Volcanology, geochemistry and structural geology of the Upper Cretaceous Hidalgo Formation, southwestern New Mexico
John R. Young, Nancy J. McMillan, Timothy F. Lawton, and Richard P. Esser

Abstract:

The Hidalgo Formation represents the proximal cone-forming lithofacies association of a dominantly andesitic, Laramide stratovolcano. New 40Ar/39Ar age determinations of 70.53 ± 0.48, 70.69 ± 0.44 Ma, and 71.44 ± 0.38 Ma demonstrate an Upper Cretaceous age of volcanism. Early Hidalgo volcanism is recorded by plagioclase-bearing lava flows, lapilli tuff, ash-fall tuff, and debris-flow breccia intercalated with sandstone, shale and conglomerate of the underlying Upper Cretaceous Ringbone Formation. The base of the Hidalgo Formation is marked by an abrupt transition to predominantly autoclastic, monolithologic and heterolithologic breccia, and cogenetic massive lava flows with subordinate intrusions and sedimentary deposits. Laramide shortening accompanied volcanism and resulted in the folding of the Hidalgo Formation into an overturned footwall syncline adjacent to the Hidalgo thrust fault. Whole-rock analyses of 19 lava, intrusion, and cumulate xenolith samples indicate that Hidalgo magmas range from basalt to andesite (48-60% SiO2, 2,7-7.3% MgO). Hidalgo lavas were variably altered during cooling, diagenesis, and intrusion of the mid-Tertiary Eureka complex; the rocks now contain high and variable volatile contents (1.3-8.5% loss on ignition). Concentrations of the soluble elements K, Na, Rb, Ba, and Sr have been modified and do not reflect the original igneous concentrations; however, insoluble elements such as the rare earth elements, Ta, Ti, Zr, and Hf, appear to have been unaffected by alteration. Fractionation of the observed mineral assemblage plagioclase + hornblende + augite in lavas, dikes, and cumulate xenoliths is consistent with major element trends and a slight depletion of the middle rare-earth elements in evolved lavas, Low Ta/La ratios (0.035-0.076) are similar to modern continental arcs and suggest that Hidalgo volcanism was triggered by subduction of the Farallon Plate during Laramide shortening.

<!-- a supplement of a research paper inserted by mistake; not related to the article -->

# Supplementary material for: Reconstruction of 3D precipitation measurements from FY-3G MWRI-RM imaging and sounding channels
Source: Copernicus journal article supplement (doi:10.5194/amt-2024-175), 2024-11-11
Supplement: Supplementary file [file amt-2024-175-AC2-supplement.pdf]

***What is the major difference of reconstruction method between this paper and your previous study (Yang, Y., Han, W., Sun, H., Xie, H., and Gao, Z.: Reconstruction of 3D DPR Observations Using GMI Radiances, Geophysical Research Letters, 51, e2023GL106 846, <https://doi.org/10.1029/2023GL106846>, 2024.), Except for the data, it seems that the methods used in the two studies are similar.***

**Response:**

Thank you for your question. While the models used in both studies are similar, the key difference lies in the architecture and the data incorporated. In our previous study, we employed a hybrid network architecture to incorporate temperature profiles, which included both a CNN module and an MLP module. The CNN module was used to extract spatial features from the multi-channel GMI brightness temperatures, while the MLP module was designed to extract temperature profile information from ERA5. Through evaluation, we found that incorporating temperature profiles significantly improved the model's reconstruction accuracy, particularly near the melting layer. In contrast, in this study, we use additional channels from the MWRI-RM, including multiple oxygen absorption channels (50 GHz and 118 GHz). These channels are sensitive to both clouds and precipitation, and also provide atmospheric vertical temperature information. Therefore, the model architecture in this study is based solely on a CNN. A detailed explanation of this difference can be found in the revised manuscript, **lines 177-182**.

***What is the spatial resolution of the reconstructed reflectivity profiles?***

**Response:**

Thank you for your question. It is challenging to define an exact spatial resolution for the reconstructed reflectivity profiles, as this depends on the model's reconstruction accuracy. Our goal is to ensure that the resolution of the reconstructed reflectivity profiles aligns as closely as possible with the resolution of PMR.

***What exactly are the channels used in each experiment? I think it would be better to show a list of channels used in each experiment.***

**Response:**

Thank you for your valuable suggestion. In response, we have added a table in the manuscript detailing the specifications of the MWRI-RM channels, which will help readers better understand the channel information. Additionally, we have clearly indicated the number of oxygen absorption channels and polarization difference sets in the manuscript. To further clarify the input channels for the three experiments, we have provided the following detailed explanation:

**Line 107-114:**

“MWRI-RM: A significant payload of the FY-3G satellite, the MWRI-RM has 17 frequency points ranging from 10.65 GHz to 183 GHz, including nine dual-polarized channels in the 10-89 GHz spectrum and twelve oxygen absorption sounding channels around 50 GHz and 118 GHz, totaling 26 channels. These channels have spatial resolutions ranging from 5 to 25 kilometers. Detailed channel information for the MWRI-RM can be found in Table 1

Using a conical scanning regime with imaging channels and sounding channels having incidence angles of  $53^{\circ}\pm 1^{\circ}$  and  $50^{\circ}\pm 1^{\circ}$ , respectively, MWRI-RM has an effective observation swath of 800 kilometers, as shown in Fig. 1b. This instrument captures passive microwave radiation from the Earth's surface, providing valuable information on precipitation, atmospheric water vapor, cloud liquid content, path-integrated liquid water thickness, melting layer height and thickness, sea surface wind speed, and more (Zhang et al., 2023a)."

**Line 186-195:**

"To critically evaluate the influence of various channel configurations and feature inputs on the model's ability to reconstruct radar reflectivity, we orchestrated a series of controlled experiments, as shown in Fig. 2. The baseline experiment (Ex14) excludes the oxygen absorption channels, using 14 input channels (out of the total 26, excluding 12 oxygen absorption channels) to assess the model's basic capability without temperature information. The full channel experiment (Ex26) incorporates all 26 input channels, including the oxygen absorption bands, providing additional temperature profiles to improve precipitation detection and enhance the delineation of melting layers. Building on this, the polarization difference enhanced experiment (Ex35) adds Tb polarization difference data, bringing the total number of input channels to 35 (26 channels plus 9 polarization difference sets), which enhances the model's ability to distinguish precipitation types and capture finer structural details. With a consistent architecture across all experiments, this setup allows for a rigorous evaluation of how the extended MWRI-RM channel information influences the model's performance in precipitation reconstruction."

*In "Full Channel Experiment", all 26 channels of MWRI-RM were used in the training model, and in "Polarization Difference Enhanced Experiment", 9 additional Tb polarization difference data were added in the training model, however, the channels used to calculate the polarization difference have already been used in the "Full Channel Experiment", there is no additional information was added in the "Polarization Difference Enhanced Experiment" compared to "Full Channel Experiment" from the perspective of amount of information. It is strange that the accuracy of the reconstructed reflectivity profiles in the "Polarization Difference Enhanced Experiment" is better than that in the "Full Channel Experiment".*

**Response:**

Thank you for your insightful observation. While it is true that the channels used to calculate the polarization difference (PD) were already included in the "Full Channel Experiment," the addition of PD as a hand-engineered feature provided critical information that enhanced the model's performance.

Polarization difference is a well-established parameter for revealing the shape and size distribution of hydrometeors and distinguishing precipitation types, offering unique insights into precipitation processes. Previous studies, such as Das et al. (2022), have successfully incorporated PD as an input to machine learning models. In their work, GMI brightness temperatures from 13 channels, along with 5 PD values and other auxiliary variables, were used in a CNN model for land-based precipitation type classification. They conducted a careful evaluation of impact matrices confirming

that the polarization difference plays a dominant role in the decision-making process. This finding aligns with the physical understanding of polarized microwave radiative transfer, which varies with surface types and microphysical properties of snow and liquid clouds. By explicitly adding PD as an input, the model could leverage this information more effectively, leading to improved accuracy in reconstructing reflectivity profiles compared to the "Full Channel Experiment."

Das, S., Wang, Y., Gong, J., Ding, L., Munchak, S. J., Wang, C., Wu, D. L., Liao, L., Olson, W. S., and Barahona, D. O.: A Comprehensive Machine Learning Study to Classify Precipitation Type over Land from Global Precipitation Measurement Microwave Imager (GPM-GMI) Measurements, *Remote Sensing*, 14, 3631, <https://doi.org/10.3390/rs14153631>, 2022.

Citation:

  1. Young, John R.; McMillan, Nancy J.; Lawton, Timothy F.; Esser, Richard P., 2000, Volcanology, geochemistry and structural geology of the Upper Cretaceous Hidalgo Formation, southwestern New Mexico, in: Southwest passage. A trip through the Phanerozoic, Lawton, Timothy F.; McMillan, Nancy J.; McLemore, Virginia T., New Mexico Geological Society, Guidebook, 51st Field Conference, pp. 149-156.

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